In this lesson, students explore the scope and limits of the establishment clause of the First Amendment. First, students read and discuss an article on the constitutional issue of student-led prayer at public school events. Next, they role-play Supreme Court justices and attorneys deciding this issue. Finally, in a whole-class discussion, they debrief their own findings and compare them with those of the Supreme Court in the case of Santa Fe Independent School District v. Jane Doe et al.
Civic Art Project: Notes on the Constitution
Students create art works based on an examination of the language of the Constitution and the personal connections they make. These art works will incorporate words, illustrations, and mixed media images.
This lesson can be adapted for different grade levels. High school students can use an abridged version of the U.S. Constitution. Elementary and middle school students can use the Preamble, or introduction, to the Constitution.
Making the Constitution (CKHG Unit)
Students who listen to this Grade 2 Core Knowledge History and Geography unit discover that Americans had a difficult task at hand after winning the Revolutionary War: they had to figure out a better way to govern themselves. Such leaders as James Madison, George Washington, Alexander Hamilton, and Benjamin Franklin traveled to Philadelphia to meet at the Constitutional Convention, with the goal of creating a new government. Students learn that the talks were held in secret in Independence Hall and that American leaders argued about many issues until they agreed to approve a new Constitution. They then hear that James Madison (whom we call the Father of the Constitution), along with John Jay and Alexander Hamilton, wrote the Federalist Papers to explain the document’s merits and to persuade the states to vote for it. Students find out that the states did finally approve the Constitution; that Madison wrote a Bill of Rights that was added to it; that the Constitution gives the American people the right to decide what the laws should be for our country; and that we can still amend it today.(5 lessons)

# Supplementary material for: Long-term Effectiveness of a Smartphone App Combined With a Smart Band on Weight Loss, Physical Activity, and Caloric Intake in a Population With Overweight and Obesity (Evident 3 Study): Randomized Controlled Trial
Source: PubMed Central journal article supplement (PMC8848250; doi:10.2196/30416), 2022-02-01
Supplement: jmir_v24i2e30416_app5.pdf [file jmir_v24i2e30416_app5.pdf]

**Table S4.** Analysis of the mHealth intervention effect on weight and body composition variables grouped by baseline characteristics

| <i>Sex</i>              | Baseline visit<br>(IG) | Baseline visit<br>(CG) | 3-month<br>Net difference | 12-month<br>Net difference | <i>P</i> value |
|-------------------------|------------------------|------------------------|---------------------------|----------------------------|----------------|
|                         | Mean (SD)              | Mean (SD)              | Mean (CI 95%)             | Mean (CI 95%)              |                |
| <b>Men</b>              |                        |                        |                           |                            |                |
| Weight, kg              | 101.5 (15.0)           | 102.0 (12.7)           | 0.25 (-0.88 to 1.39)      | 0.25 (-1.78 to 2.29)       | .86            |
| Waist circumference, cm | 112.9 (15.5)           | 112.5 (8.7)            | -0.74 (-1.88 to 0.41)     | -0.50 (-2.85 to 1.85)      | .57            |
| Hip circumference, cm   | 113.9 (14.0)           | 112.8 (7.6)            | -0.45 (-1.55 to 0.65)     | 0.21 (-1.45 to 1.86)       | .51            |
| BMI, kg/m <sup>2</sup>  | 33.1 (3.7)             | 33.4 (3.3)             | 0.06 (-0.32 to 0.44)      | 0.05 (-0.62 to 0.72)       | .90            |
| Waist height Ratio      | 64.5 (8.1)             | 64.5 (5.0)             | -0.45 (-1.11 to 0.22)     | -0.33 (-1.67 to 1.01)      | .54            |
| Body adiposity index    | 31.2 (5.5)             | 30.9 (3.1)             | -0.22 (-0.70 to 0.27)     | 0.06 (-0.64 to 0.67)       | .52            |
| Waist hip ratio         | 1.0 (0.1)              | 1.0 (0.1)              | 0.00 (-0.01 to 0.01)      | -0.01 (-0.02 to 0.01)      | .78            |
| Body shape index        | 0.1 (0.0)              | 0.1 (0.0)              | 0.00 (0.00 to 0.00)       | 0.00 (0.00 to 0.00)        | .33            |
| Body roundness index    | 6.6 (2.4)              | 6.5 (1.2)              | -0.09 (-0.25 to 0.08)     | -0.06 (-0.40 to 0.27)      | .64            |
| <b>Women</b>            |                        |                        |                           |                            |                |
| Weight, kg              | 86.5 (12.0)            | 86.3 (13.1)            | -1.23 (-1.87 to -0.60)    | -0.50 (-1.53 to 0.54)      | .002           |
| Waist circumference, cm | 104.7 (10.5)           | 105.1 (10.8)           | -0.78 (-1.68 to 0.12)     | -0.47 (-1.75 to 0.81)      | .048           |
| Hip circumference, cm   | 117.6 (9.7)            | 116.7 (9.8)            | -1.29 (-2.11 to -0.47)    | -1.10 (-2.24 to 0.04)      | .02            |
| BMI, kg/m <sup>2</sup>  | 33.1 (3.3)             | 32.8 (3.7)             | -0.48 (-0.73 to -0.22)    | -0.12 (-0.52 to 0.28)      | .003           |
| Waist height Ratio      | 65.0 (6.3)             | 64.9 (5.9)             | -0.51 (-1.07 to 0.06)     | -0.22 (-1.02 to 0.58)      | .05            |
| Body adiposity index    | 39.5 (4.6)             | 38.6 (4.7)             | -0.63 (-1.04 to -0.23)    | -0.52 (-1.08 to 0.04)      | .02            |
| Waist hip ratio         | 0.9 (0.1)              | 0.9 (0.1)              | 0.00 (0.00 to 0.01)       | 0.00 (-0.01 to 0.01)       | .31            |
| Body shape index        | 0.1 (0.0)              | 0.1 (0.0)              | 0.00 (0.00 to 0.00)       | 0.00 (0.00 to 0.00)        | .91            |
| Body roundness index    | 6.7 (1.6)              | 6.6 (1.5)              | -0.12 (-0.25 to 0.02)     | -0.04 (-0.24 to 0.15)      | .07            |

9/11 and Civil Liberties
This lesson explores the challenges the United States faced as a result of the terrorist attacks on September 11, 2001, and examines the government’s response through the lens of protection and civil liberties. Students will consider the long-term effects of the emergency measures, their consequences and constitutionality, and how they might inform the balance between security and liberty today.
Congress and the Constitution
Use this information graphic to easily understand the House of Representatives and Senate and the articles and amendments in the Constitution.
The Constitutional Convention
In the summer of 1787, delegates gathered for a convention in Philadelphia, with the goal of revising the Articles of Confederation, the nation’s existing governing document, which wasn’t really working. Instead, they wrote a whole new document, which created a revolutionary form of government: the U.S. Constitution. Read more about the summer of 1787 in the National Constitution Center’s learning module.
Freedom of Assembly: The Right to Protest
This lesson will focus on freedom of assembly, as found in the First Amendment. Students will consider the importance of the right to assemble and protest by analyzing cases where First Amendment rights were in question. Using the case National Socialist Party of America v. Village of Skokie, students will consider if the government is ever allowed to control the ability to express ideas in public because viewpoints are controversial, offensive, or painful. Students will use primary sources and Supreme Court cases to consider whether the courts made the correct decision in the National Socialist Party v. Skokie case. Students will be able to form an opinion on the essential question: Is the government ever justified to restrict the freedom to assemble?
Constitution Day Writing Prompts – K-3
September 17 is Constitution Day! We have created different writing prompts along with the writing space for students. These writing prompts can be used as individual assignments, at writing stations, or even for group discussions!
Constitution Day Writing Prompts – Middle and High School
Three writing prompts for Constitution Day are provided for middle school and high school. The prompts can be used as a formal essay, at writing stations, or as a “discuss and write.”
Constitution Day Word Search
Here’s a fun activity for all ages with vocabulary that is tied to Constitution Day! Answers are provided as well!